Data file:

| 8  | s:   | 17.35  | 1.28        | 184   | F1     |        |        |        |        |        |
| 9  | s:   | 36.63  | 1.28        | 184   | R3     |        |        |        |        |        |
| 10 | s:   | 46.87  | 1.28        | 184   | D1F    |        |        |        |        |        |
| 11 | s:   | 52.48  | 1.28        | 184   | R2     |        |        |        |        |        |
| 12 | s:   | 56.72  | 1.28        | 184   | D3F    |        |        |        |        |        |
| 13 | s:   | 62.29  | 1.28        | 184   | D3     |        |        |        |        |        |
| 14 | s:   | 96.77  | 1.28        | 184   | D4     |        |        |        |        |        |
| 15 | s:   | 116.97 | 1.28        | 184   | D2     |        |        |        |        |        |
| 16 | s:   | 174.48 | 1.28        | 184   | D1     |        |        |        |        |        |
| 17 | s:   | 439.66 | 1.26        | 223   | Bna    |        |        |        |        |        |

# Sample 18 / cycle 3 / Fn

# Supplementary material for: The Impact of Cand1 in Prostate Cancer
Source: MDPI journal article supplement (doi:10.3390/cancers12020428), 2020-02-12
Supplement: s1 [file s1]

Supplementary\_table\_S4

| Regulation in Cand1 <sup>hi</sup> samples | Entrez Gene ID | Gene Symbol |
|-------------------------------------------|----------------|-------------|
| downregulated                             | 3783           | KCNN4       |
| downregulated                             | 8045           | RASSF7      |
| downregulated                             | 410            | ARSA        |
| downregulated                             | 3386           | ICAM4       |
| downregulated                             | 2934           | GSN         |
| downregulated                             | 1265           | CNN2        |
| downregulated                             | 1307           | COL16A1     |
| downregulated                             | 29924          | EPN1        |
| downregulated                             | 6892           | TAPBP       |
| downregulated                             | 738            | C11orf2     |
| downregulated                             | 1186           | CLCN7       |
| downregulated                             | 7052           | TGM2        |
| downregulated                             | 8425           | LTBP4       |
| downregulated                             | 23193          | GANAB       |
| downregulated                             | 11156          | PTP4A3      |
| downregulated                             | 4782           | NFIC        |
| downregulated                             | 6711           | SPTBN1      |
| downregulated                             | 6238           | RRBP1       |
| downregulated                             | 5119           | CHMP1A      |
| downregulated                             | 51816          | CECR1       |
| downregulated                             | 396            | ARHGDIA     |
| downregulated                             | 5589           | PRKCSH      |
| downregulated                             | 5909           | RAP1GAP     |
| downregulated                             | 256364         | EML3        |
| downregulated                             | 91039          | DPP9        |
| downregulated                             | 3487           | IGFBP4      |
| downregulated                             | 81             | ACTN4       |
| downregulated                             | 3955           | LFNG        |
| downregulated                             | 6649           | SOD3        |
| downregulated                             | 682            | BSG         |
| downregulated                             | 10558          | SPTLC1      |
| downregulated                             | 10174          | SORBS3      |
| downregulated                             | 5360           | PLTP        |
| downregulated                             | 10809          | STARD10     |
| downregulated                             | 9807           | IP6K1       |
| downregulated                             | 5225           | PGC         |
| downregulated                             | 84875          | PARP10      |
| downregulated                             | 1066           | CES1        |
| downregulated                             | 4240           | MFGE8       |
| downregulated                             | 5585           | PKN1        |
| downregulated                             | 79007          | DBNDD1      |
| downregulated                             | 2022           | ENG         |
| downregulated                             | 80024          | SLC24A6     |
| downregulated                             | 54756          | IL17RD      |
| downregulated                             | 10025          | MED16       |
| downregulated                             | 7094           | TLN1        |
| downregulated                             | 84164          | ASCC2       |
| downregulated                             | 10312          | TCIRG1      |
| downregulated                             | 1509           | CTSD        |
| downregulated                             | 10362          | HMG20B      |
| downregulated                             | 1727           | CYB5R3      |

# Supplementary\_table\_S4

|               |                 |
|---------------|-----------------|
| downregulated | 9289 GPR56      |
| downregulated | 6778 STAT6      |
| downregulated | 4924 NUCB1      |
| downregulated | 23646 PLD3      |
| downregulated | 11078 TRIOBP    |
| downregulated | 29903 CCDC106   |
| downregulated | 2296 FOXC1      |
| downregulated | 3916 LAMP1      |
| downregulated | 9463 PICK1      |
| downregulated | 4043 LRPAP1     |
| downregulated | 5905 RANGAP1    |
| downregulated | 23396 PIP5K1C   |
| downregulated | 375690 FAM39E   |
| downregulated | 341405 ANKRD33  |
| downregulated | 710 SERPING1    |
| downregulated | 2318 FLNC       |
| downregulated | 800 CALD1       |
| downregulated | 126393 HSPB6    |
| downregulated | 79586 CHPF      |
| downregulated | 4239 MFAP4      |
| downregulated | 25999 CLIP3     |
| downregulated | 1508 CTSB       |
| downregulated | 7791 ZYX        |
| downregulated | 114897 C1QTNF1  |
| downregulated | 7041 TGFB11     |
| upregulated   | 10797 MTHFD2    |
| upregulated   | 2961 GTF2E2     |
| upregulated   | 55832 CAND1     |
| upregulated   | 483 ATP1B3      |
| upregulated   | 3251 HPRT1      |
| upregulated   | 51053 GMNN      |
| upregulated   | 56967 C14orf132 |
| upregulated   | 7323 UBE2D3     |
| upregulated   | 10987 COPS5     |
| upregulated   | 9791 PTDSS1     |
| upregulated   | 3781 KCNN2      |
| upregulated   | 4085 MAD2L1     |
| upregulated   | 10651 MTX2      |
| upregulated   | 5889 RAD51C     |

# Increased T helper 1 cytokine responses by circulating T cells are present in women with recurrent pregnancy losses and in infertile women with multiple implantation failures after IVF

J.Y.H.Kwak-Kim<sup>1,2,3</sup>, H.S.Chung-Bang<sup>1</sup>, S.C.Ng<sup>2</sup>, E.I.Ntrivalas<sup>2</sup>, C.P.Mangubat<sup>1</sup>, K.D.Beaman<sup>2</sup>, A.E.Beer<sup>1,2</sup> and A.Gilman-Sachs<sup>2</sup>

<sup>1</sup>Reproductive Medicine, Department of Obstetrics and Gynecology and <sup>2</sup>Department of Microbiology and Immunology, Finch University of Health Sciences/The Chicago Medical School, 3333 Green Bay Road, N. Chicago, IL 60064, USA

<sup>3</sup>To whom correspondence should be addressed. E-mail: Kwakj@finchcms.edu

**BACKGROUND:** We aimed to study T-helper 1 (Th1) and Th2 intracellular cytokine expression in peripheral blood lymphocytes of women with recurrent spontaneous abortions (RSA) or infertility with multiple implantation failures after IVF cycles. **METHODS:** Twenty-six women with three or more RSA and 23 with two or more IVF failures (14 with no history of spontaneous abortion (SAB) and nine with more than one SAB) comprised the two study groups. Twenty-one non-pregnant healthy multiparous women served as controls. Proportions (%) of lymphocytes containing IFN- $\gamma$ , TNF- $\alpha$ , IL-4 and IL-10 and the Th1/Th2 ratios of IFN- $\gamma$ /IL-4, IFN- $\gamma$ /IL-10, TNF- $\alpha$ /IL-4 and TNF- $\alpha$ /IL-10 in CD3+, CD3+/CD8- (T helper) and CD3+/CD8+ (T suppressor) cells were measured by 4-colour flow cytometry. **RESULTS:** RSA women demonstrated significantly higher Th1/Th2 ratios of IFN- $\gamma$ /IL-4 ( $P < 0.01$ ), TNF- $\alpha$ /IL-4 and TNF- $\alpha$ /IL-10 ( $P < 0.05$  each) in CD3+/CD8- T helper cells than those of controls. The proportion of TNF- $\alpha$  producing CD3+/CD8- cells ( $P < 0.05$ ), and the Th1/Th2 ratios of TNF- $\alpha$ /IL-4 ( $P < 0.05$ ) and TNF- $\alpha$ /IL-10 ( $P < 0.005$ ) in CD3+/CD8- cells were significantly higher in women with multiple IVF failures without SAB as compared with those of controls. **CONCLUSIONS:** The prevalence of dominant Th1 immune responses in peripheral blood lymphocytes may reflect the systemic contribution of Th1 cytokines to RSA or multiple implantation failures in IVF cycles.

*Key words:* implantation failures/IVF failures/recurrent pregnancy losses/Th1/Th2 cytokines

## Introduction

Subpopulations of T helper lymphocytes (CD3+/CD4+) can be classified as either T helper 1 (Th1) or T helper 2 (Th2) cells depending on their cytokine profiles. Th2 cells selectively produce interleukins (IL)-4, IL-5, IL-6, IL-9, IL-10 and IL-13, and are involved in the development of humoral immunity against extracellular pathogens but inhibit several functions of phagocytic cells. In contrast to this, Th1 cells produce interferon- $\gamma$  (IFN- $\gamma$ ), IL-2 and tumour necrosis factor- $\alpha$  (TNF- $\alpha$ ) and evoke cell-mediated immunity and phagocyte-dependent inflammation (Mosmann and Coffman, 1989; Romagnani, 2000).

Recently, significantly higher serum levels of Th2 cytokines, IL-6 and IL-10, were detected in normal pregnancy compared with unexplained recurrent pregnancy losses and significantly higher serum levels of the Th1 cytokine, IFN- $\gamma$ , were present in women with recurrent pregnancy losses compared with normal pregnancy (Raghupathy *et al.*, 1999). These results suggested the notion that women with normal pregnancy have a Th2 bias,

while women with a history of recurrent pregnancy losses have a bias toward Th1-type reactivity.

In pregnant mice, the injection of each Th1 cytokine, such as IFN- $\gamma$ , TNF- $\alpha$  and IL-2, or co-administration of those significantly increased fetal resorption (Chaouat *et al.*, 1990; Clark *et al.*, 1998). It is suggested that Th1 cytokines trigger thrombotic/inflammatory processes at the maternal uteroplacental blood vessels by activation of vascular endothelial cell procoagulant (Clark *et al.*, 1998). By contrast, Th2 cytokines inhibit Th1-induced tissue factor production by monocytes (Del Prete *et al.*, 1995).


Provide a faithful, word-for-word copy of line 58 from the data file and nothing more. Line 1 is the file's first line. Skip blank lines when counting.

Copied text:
| downregulated                             | 79007          | DBNDD1      |